Today in the healthy gut blog we will continue to cover a popular (in a bad way) issue of stomach bloating. In our previous article we looked at common causes for bloating and how to approach them.
In simple words, the bloat in your gut is either the air you (unwillingly) swallowed or gas produced by the gut itself. While the first is quite straightforward – lose those straws, the latter is much more complex.
Gut bacteria – the good, the bad and the ugly
The bloating in most cases can be put down to bacterial imbalance in the gut – the scientific term for this is bacterial dysbiosis or dysbacteriosis. There are 1000 species of bacteria that can live in a human GTA tract, some are ‘good’, some are ‘bad’ and some can cause the symptoms that are really ugly. Each person would have their own bacterial profile which is never static and changes constantly under influence of the environment, food, medication and psychological factors – stress has proven to have a big influence on a human digestive tract. From time to time a combination of these factors will affect the balance of gut bacteria in a negative way – with bloating being a common sign of it along with diarrhoea or constipation.
Can probiotics help with bloating?
Probiotics are a very popular approach for increasing a population of ‘good’ bacteria in your stomach. You hear a lot about them in gut health discussions and advice and there are many products available off the shelf.
However, when trying to address a particular symptom, such as bloating, the choice of a product and the strain of bacteria it contains should not be done randomly. What works on bloating accompanied with diarrhoea won’t necessarily help with bloating accompanied by constipation, in fact, it can make things worse. The strain which is often mentioned as the helpful one in cases of stomach bloating is Lactobisilis GG, however, to be on a safe side it is advised to seek medical advice for your particular case.
Prebiotics vs Probiotics
Prebiotics are not the same as probiotics, and they are also much talked about in a subject of a digestive health. Prebiotics is the name for the non-digestible food ingredients – mostly plants fibres – which feed the good bacteria. They are available in plant food, mostly vegetables, such as asparagus and leeks, and also as a supplement.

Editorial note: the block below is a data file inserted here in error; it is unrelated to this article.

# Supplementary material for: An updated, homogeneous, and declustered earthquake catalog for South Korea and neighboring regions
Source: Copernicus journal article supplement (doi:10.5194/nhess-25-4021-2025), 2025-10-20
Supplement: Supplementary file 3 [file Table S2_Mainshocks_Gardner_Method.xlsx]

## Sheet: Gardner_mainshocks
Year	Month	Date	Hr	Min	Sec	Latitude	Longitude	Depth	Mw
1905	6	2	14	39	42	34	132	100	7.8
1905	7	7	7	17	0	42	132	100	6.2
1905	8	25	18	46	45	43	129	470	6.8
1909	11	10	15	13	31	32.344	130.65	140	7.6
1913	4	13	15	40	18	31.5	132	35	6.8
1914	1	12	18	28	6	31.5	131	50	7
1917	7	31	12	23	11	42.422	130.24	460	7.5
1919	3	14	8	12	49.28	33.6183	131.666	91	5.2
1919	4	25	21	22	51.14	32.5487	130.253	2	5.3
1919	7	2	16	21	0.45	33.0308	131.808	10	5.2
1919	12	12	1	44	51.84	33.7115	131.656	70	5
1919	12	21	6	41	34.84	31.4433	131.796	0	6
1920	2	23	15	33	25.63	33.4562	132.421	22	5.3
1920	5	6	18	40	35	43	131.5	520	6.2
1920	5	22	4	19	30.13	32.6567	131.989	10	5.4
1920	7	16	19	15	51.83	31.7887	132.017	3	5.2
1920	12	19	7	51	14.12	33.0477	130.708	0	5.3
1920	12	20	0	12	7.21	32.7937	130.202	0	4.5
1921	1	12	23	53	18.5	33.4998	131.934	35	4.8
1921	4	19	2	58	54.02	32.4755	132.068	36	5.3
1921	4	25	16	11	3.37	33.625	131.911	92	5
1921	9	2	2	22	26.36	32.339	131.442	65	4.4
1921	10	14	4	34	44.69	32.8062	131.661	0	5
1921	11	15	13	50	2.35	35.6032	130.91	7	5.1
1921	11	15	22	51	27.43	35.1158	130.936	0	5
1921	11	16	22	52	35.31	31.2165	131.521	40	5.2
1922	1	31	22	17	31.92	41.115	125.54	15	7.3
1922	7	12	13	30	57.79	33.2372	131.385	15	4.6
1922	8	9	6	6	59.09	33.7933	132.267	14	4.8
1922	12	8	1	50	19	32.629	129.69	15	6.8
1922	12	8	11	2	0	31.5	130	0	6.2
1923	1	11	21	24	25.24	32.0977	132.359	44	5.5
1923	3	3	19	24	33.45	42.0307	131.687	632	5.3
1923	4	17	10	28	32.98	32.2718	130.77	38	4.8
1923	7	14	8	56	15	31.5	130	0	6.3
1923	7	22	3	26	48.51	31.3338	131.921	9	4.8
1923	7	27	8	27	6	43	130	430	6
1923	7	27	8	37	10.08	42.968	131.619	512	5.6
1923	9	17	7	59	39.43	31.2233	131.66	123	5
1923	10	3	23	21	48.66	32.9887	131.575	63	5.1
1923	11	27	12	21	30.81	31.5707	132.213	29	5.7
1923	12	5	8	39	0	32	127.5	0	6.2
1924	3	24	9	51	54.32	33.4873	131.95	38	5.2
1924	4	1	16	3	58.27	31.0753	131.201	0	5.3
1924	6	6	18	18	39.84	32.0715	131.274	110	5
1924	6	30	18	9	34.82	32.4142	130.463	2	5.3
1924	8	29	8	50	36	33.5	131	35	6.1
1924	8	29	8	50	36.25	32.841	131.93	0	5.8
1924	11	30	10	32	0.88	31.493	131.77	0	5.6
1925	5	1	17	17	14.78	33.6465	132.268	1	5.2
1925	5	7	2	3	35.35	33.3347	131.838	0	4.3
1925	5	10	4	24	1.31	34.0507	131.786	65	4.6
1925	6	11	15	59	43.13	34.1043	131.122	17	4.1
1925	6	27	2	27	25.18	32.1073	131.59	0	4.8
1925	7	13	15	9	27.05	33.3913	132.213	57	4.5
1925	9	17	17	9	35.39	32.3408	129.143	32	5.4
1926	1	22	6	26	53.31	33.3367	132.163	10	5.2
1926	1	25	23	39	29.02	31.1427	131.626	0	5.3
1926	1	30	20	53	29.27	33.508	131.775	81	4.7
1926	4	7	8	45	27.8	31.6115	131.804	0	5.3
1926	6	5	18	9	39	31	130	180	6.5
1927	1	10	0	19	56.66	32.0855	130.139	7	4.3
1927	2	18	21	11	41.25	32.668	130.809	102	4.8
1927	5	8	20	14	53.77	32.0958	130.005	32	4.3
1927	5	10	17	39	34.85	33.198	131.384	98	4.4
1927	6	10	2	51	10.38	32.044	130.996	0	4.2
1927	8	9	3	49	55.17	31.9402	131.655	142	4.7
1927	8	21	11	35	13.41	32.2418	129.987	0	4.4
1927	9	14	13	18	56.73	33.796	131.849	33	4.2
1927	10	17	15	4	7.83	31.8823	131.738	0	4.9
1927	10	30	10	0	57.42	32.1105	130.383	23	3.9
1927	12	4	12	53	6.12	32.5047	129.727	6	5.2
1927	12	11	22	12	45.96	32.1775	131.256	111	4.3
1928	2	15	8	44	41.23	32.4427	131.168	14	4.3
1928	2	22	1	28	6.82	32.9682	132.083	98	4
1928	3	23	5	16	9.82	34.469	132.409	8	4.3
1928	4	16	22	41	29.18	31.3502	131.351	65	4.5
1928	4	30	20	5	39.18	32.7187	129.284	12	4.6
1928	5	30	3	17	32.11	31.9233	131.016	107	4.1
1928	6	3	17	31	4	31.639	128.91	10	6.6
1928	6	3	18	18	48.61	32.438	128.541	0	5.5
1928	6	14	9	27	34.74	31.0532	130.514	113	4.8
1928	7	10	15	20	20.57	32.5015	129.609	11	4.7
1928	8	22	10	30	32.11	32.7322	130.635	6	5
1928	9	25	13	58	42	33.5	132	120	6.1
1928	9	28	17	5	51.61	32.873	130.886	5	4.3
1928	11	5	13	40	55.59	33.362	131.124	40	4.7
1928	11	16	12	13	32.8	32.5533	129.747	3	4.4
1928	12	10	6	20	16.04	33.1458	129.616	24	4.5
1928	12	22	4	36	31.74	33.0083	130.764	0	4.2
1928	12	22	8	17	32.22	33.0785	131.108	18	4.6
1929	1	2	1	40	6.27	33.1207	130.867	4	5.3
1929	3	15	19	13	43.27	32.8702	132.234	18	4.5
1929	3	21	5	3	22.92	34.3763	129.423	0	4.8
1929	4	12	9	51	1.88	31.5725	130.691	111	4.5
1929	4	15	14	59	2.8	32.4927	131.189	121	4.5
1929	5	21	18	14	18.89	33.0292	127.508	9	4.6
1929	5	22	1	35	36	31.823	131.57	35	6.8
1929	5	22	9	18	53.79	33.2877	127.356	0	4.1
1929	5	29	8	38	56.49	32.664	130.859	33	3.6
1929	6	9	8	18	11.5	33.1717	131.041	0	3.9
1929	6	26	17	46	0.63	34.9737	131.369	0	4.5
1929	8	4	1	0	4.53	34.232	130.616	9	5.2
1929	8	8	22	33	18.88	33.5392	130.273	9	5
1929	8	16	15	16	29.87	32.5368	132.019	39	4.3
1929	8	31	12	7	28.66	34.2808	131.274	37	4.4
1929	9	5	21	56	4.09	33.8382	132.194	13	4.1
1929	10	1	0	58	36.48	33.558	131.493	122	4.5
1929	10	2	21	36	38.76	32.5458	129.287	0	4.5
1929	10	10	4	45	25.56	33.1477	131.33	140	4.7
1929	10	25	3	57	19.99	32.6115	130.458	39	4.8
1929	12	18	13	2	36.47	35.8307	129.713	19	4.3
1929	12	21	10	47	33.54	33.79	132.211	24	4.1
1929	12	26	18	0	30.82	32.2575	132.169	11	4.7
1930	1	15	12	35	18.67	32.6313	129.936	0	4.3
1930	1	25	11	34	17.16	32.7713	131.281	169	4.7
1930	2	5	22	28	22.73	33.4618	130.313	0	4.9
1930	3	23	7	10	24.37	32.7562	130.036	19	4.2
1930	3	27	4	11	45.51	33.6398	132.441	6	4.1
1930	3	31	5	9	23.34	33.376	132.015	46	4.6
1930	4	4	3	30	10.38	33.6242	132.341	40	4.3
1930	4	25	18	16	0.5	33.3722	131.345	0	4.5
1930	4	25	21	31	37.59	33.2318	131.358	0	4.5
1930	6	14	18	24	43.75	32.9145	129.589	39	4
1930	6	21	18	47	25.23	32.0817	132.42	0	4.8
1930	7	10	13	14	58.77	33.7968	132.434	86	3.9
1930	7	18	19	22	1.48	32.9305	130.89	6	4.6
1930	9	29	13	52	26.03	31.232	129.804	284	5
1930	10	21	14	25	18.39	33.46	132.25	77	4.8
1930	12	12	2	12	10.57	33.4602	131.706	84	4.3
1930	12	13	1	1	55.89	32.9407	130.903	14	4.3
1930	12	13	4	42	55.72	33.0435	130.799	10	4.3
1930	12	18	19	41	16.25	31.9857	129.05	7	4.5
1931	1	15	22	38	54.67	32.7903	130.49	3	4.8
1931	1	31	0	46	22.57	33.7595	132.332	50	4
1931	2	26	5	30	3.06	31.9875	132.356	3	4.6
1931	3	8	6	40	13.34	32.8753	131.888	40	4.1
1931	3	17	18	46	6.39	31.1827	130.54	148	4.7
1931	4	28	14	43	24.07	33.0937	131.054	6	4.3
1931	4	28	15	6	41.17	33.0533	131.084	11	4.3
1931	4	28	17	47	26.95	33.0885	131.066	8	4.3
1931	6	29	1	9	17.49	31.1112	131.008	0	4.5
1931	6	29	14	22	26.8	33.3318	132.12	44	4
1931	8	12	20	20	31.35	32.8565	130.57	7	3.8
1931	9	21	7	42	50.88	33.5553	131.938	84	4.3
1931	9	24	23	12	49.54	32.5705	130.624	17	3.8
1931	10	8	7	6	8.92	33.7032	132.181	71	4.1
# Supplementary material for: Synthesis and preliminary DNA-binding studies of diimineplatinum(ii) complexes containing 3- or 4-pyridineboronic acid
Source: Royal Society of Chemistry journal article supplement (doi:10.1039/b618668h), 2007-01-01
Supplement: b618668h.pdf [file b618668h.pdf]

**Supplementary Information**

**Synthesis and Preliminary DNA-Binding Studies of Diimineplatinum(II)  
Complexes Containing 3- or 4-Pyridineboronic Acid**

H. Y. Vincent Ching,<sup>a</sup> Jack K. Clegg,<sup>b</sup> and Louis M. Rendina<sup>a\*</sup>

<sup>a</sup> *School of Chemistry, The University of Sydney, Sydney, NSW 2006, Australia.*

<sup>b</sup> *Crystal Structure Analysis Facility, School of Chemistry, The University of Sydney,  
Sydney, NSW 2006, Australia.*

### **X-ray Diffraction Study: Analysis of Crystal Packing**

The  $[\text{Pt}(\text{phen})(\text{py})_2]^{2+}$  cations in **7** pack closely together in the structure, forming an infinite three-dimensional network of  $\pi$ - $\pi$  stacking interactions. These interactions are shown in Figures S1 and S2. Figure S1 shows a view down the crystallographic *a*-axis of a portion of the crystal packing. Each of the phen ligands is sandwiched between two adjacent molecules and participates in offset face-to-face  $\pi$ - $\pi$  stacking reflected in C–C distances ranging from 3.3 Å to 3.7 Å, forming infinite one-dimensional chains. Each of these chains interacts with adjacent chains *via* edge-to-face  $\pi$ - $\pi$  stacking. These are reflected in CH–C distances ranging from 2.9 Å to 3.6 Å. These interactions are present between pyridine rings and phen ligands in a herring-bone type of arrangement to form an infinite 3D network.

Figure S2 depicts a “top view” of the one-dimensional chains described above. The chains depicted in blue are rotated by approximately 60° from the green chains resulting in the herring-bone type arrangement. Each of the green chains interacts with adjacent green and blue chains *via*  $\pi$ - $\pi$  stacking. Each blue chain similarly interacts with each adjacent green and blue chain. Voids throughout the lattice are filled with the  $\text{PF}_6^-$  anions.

To illustrate the prebiotics/probiotics difference with a metaphor – imagine your digestive system is a garden. To grow the good stuff (good bacteria) in your garden you can add the seeds – those would be probiotic bacteria – or you can add water and fertiliser (prebiotic) to help the seeds grow.
While prebiotics help increase the population of good bacteria in the gut which has its great health benefits, the rapid fermentation can cause gas, bloating and abdominal discomfort, therefore they would not be appropriate for everyone.
Are there other ways to help the gut without medication?
Another approach which we favour is letting the gut balance its bacterial profile naturally (our bodies are very smart at doing this) while dealing with the toxins produced by the ‘bad’ bacteria, since it is not bacteria itself but the toxins they produce that are often to blame for the abdominal discomfort. Reduction of bacterial toxins leads to reduction of unpleasant symptoms, with bloating being one of them.
In our next article we will cover a range of natural remedies which, along with adsorbents such as Enterosgel, can help to flush out the nasties and relieve bloating – stay tuned.
Would you like to have your experience of dealing with bloating and other digestive track conditions and symptoms featured in our blog? We always want to hear your stories – please comment below or get in touch via firstname.lastname@example.org or find us on social media:
Bloating is a complex symptom but in the simplest explanation there is excess gas produced by bacterial fermentation. About a third of patients also have a microbiome rich in methanogenic bacteria. We can assume that Enterosgel inhibits bacterial fermentation, either by interfering with the process or by direct inhibition of fermenting/methanogenic bacterial species. My guess is that this is due to a change of the immune environment; the Enterosgel is mopping up the immune chemicals
which are produced in IBS. These chemicals might act as inhibitors for the ‘good’ bacteria thereby enhancing the effect of the gas-producing strains.